I Stopped Texting People for a Week, and This Is What Happened
I can pinpoint the moment my attention span shrank. It was 2007, and I had just bought my first iPhone, one of the early bar soap–like models that I got secondhand from a friend. Fast-forward to 2016, and that little piece of technology is now at the center of everything I do. In fact, as I’m writing this story, my phone is lighting up with a barrage of little notifications, forcing my gaze to flit from screen to screen like that of a spectator at a tennis match. I’ll admit it—I’m addicted. Addicted to the ping of new text messages, the constant back-and-forth banter with friends, and the feeling of juggling a million things in one moment.
So, when my editor suggested I forgo sending text messages for a story, I’ll admit a mild wave of panic set in. This little device in the palm of my hand facilitates most of the conversations I have with friends, family, and co-workers. Would I be totally isolated without it?
The rules were simple: Any time I received a text message or felt like reaching out to a friend, I had to call instead—no instant messages in the office. No Facebook Chat group threads. As the days went on, I realised regaining focus was only one small byproduct of the text ban. The aspect that was truly transformative came later. Here’s how quitting text messages changed my stress levels, attention span, and, most surprisingly, my friendships.
To kick-start my week without text messages, I had to completely cleanse my phone of temptation. I’m a Facebook Chat devotee, with about five large group messages constantly in progress. I removed the app from the toolbar on my phone and switched off notifications. Next, I turned off text message notifications so if I did receive a stray message, my phone wouldn’t alert me. Finally, I told my friends and co-workers to call rather than text me if they wanted to chat. A little perplexed, they agreed. And then the silence set in.
The most bizarre thing about removing yourself from the world of digital messages is that everything goes quiet. I didn’t realise how much of my day is punctuated by the ping of a text message alert or glowing screen prompted by a group conversation. But when you take that away, you free up mental space to deal with other tasks. A normally chaotic day in the office became evenly paced, and I was able to focus on one task at a time.
According to research, this shift in focus is completely normal. A University of Virginia study found that phone notifications cause ADHD-like symptoms that include “distraction, difficulty focusing, having trouble sitting still and restlessness.” By changing the way I used my phone, I was able to concentrate for what felt like the first time in years. It was as if a mental fog had lifted; each task became clear and defined.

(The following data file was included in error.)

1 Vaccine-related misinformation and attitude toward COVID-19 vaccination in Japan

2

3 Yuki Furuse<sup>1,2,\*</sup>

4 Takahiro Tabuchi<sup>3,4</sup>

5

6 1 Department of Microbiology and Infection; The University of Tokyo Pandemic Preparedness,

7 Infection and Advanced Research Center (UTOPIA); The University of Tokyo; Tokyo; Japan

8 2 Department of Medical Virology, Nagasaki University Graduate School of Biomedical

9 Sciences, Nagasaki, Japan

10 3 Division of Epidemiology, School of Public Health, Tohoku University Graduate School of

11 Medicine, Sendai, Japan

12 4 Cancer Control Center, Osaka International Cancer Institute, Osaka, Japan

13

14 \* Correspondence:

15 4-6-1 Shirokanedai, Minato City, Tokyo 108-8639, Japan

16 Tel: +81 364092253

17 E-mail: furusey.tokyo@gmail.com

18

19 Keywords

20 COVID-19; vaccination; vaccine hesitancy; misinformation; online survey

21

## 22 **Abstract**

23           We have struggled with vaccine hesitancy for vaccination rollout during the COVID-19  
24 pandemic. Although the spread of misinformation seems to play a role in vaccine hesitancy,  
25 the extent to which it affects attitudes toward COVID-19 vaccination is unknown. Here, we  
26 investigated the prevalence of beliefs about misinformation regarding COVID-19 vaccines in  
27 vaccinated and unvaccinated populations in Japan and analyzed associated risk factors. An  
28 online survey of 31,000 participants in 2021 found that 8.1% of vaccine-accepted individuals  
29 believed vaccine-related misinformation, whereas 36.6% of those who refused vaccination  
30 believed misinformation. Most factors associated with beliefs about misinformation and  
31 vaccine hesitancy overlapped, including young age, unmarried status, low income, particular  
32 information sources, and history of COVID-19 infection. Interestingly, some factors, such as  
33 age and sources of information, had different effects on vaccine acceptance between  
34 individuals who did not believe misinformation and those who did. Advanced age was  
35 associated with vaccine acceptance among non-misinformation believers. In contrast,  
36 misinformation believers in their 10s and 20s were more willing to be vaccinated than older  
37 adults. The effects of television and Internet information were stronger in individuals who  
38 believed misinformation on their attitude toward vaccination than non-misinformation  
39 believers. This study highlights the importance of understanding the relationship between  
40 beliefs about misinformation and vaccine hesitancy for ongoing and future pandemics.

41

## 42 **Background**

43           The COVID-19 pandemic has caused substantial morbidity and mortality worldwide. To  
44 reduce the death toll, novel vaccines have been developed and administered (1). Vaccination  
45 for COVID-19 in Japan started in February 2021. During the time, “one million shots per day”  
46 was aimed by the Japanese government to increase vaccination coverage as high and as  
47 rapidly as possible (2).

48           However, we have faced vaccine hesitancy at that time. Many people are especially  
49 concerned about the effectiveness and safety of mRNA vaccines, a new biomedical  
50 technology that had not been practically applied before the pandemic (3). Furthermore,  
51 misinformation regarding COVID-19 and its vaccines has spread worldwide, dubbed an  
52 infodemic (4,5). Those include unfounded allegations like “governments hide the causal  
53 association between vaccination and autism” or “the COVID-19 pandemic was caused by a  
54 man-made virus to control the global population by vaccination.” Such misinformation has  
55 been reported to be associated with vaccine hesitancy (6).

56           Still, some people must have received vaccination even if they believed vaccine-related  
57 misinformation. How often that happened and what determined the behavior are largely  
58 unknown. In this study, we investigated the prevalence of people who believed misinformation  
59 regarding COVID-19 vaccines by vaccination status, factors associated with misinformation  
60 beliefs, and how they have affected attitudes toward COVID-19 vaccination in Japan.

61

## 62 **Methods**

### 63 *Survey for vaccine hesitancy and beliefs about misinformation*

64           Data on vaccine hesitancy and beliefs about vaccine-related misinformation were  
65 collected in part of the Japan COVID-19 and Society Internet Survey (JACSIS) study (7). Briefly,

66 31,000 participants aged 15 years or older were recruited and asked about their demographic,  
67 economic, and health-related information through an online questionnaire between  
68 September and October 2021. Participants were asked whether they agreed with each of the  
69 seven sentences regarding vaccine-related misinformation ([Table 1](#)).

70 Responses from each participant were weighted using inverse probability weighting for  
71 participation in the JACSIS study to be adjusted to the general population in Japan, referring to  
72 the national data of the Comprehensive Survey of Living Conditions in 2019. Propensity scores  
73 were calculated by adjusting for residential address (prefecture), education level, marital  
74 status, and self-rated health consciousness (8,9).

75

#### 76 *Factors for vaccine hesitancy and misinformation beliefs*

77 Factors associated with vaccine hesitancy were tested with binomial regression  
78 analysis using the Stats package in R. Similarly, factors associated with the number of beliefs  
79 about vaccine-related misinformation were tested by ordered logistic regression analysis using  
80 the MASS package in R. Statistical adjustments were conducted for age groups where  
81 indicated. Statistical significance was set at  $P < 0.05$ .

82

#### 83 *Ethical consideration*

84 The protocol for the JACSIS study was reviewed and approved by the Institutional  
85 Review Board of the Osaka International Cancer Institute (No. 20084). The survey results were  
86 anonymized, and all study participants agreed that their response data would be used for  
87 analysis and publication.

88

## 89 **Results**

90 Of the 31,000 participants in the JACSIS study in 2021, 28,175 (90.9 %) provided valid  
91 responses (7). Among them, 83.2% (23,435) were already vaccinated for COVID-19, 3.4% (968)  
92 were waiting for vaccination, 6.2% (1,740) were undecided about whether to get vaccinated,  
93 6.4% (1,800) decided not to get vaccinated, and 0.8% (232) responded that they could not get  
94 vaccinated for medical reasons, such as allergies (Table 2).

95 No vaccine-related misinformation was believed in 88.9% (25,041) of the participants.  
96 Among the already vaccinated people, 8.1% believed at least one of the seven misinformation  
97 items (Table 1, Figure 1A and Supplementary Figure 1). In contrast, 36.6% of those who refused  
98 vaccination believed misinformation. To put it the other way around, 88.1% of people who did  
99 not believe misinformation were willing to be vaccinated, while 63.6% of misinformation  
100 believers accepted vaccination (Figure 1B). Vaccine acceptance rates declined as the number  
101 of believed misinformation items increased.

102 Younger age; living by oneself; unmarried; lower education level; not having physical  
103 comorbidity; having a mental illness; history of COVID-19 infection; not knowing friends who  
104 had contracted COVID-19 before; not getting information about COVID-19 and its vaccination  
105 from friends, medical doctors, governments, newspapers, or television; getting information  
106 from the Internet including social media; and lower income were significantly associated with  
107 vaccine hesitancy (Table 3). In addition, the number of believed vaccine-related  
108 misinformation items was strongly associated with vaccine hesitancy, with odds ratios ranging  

Most of my friends are scattered across the globe, so we rely on group threads to stay up to date on each other’s lives. This was the real source of my panic: I wondered, Without messages, will I completely lose contact with distant friends? This turned out to be true, but not quite as dramatic as I’d imagined. The small, inane chats disappeared. When I glanced over the messages at the end of the day, it was clear I hadn’t missed much. One friend was stuck in traffic during her commute; another wanted to vent about The Bachelorette. Deep.
When I stopped taking part in these menial day-to-day chats, our conversations shifted. Suddenly, I had to schedule a time to call friends on Skype to speak in-depth. We delved far beneath polite, surface conversations, and a 10-minute talk made me feel closer and more engaged than an hour of incessant messaging ever had.
As a dedicated multitasker, I tend to retain information like a sieve. If I have a question at work, I IM a colleague. If I want to make plans with my boyfriend, I send him a quick text message. I deal with questions and quips on the spot, then let the thought drift away. One of the unique byproducts of calling friends rather than sending text messages was that I was forced to flex my memory skills. Much of the conversations I have with my boyfriend via text aren’t significant enough to warrant a phone call, so throughout the day, I had to remember all the odd questions and stories that had popped into my mind, to discuss at the end of the day. That sounds simple, but it was surprisingly challenging—and frustrating.
After the fear of missing out subsided, my relationship dynamics shifted. Friends started to anticipate longer calls from me, and we made time to verbally download all the information from the day. My mum appreciated hearing my voice rather than receiving a brief, hurried message. My boyfriend and I would forgo watching Netflix to chat about our day over dinner. Yes, it might sound simple and totally unprofound, but going old-school completely changed the way I value and interact with those around me.
I have a confession: Four days into the challenge, I caved. My colleagues started sending me IMs, and I made excuses about “urgent” texts that I just had to respond to. For the remainder of the week, I left my phone notifications turned off but sent the odd message when I couldn’t take a call at my desk. Even though my tech ban was fleeting, it’s not about an all-or-nothing approach. The realisation that choosing to use technology in a proactive rather than reactive way was pivotal for me. Here’s the truth: For the sake of mental well-being, your friend’s Tinder date recap can probably wait.
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